scipy.special.elliprj(x, y, z, p, out=None) = <ufunc 'elliprj'>#

Symmetric elliptic integral of the third kind.

The function RJ is defined as [1]

\[R_{\mathrm{J}}(x, y, z, p) = \frac{3}{2} \int_0^{+\infty} [(t + x) (t + y) (t + z)]^{-1/2} (t + p)^{-1} dt\]


This function should be considered experimental when the inputs are unbalanced. Check correctness with another independent implementation.

x, y, z, parray_like

Real or complex input parameters. x, y, or z are numbers in the complex plane cut along the negative real axis (subject to further constraints, see Notes), and at most one of them can be zero. p must be non-zero.

outndarray, optional

Optional output array for the function values

Rscalar or ndarray

Value of the integral. If all of x, y, z, and p are real, the return value is real. Otherwise, the return value is complex.

If p is real and negative, while x, y, and z are real, non-negative, and at most one of them is zero, the Cauchy principal value is returned. [1] [2]

See also


Degenerate symmetric integral.


Symmetric elliptic integral of the second kind.


Completely-symmetric elliptic integral of the first kind.


Completely-symmetric elliptic integral of the second kind.


The code implements Carlson’s algorithm based on the duplication theorems and series expansion up to the 7th order. [3] The algorithm is slightly different from its earlier incarnation as it appears in [1], in that the call to elliprc (or atan/atanh, see [4]) is no longer needed in the inner loop. Asymptotic approximations are used where arguments differ widely in the order of magnitude. [5]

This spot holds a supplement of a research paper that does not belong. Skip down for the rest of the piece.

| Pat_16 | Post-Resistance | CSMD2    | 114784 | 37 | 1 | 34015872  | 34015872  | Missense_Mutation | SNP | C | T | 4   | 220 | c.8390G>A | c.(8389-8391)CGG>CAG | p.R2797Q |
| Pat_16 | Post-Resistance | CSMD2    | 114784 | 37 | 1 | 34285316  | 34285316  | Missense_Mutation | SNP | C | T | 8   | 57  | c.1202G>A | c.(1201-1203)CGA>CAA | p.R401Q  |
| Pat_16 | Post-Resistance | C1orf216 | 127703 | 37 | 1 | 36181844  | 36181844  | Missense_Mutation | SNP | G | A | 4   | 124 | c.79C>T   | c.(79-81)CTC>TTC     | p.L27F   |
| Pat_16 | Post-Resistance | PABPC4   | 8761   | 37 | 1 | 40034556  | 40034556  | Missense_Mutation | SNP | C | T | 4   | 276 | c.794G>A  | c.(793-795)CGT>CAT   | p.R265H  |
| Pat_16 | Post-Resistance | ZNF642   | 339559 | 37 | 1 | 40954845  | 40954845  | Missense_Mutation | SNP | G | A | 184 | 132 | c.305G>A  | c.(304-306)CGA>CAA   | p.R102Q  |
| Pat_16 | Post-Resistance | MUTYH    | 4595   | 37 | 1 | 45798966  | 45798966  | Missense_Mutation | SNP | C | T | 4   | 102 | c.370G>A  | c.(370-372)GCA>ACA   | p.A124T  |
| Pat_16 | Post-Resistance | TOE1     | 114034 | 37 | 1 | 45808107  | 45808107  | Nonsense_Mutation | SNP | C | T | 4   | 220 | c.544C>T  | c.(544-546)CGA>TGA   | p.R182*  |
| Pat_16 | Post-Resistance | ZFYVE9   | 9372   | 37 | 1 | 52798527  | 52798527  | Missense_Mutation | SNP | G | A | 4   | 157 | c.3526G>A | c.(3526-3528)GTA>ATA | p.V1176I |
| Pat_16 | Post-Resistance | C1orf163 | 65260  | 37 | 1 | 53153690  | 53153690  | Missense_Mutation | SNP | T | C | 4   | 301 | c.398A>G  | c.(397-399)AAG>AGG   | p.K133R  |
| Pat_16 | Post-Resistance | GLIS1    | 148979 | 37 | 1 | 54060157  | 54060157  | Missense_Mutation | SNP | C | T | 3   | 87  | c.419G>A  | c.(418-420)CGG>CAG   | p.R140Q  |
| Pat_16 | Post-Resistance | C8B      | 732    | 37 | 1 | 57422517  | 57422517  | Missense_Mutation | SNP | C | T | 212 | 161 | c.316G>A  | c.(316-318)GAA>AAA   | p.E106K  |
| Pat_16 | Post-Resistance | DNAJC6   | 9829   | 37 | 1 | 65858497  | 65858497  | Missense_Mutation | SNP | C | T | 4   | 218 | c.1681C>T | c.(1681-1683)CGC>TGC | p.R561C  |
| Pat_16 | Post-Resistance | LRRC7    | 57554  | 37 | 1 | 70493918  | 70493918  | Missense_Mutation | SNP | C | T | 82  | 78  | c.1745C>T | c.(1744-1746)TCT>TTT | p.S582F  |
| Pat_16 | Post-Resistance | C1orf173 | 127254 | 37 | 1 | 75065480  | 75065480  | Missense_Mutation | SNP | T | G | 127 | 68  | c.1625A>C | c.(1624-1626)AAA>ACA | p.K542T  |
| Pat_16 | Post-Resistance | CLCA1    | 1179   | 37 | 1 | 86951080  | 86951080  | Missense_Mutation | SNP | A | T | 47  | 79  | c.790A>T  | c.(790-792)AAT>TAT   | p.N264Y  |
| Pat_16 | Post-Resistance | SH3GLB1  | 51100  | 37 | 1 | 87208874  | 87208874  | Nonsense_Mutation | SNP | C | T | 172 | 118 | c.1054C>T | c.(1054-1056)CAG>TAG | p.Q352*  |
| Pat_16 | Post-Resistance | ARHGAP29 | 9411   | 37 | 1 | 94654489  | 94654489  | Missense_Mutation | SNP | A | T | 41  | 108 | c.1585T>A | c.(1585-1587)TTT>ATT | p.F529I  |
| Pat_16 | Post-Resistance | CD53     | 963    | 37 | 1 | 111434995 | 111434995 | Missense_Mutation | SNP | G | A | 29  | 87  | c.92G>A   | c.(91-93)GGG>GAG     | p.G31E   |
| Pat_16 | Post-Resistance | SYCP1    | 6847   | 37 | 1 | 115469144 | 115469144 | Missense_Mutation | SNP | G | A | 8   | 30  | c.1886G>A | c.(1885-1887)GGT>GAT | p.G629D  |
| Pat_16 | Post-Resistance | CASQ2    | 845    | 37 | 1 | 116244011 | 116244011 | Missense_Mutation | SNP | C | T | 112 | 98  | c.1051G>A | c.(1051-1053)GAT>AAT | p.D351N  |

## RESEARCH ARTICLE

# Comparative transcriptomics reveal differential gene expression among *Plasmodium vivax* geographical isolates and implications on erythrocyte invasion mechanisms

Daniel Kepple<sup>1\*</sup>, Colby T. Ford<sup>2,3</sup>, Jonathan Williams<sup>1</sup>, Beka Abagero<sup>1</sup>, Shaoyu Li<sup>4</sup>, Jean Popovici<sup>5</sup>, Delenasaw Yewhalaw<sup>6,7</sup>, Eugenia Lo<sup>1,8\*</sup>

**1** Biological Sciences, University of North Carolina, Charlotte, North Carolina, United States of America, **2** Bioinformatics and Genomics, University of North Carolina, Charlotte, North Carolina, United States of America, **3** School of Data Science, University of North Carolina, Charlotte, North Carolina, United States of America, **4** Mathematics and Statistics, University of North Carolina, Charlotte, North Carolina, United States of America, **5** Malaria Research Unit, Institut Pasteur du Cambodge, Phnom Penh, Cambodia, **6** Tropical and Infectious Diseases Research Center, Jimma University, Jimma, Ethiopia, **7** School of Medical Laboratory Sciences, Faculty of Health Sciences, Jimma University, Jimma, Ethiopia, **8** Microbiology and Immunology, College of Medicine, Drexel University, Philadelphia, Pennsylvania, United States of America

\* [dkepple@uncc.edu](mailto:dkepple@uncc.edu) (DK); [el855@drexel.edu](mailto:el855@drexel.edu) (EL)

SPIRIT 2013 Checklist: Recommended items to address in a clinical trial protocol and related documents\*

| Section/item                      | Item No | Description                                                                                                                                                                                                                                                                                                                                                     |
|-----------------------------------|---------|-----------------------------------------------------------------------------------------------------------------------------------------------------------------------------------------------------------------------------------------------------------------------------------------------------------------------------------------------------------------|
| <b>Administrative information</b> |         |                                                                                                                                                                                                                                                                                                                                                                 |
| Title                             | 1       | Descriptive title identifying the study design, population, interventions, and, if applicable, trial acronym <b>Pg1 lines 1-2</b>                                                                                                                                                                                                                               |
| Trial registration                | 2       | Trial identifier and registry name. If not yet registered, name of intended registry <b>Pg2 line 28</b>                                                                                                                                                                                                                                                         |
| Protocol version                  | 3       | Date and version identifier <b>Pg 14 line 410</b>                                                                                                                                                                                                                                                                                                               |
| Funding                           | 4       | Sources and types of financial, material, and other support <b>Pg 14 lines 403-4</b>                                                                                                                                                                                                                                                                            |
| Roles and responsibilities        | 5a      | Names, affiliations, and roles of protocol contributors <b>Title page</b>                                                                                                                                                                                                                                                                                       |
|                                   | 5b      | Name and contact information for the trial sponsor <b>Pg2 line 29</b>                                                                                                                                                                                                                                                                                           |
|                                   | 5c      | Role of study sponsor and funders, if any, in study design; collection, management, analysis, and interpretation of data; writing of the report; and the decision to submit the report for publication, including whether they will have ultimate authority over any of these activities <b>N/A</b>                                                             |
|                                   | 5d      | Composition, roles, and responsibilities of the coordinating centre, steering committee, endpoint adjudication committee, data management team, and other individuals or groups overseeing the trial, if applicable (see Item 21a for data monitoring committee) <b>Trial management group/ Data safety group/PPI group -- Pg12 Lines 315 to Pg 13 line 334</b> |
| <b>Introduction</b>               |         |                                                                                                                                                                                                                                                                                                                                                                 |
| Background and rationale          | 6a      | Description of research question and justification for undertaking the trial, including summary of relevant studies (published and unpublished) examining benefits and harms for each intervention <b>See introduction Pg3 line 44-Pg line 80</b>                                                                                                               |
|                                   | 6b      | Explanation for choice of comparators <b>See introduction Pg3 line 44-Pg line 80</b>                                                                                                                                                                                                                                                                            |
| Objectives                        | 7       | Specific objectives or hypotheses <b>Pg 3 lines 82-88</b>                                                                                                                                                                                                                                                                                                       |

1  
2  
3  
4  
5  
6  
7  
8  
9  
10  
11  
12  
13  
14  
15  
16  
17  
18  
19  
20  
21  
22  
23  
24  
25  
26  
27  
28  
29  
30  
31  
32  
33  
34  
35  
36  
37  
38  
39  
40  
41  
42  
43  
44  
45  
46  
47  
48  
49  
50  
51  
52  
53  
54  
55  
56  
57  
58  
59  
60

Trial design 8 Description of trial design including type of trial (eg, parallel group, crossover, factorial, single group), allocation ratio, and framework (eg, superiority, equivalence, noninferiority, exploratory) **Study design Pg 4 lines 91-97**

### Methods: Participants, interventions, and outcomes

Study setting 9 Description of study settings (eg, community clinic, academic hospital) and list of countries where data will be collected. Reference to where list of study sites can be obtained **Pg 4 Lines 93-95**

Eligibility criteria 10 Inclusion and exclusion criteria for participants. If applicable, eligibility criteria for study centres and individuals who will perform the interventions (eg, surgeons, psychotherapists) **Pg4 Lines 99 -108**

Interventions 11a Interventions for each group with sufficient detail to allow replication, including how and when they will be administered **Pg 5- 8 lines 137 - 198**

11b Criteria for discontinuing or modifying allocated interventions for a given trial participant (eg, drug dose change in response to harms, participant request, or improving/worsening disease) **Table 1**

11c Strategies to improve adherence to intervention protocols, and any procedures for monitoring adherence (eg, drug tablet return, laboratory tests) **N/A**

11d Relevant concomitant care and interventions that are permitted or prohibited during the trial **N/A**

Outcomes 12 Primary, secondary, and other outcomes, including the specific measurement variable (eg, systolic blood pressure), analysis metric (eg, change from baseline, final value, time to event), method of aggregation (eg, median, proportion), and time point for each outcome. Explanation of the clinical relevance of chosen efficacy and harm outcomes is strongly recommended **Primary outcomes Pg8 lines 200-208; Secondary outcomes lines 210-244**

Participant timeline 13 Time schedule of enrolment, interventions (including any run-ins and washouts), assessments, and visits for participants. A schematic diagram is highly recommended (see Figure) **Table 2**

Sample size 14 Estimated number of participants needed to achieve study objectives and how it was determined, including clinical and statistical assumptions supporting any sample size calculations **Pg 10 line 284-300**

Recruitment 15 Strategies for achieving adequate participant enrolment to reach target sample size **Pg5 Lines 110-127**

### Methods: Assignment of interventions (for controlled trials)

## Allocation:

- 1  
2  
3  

The input values are subject to certain sufficient but not necessary constraints when input arguments are complex. Notably, x, y, and z must have non-negative real parts, unless two of them are non-negative and complex-conjugates to each other while the other is a real non-negative number. [1] If the inputs do not satisfy the sufficient condition described in Ref. [1] they are rejected outright with the output set to NaN.

In the case where one of x, y, and z is equal to p, the function elliprd should be preferred because of its less restrictive domain.

Added in version 1.8.0.


[1] (1,2,3,4,5)

B. C. Carlson, “Numerical computation of real or complex elliptic integrals,” Numer. Algorithm, vol. 10, no. 1, pp. 13-26, 1995.


B. C. Carlson, ed., Chapter 19 in “Digital Library of Mathematical Functions,” NIST, US Dept. of Commerce.


B. C. Carlson, J. FitzSimmons, “Reduction Theorems for Elliptic Integrands with the Square Root of Two Quadratic Factors,” J. Comput. Appl. Math., vol. 118, nos. 1-2, pp. 71-85, 2000.


F. Johansson, “Numerical Evaluation of Elliptic Functions, Elliptic Integrals and Modular Forms,” in J. Blumlein, C. Schneider, P. Paule, eds., “Elliptic Integrals, Elliptic Functions and Modular Forms in Quantum Field Theory,” pp. 269-293, 2019 (Cham, Switzerland: Springer Nature Switzerland)


B. C. Carlson, J. L. Gustafson, “Asymptotic Approximations for Symmetric Elliptic Integrals,” SIAM J. Math. Anls., vol. 25, no. 2, pp. 288-303, 1994.


Basic homogeneity property:

>>> import numpy as np
>>> from scipy.special import elliprj
>>> x = 1.2 + 3.4j
>>> y = 5.
>>> z = 6.
>>> p = 7.
>>> scale = 0.3 - 0.4j
>>> elliprj(scale*x, scale*y, scale*z, scale*p)
>>> elliprj(x, y, z, p)*np.power(scale, -1.5)

Reduction to simpler elliptic integral:

>>> elliprj(x, y, z, z)
>>> from scipy.special import elliprd
>>> elliprd(x, y, z)

All arguments coincide:

>>> elliprj(x, x, x, x)
>>> np.power(x, -1.5)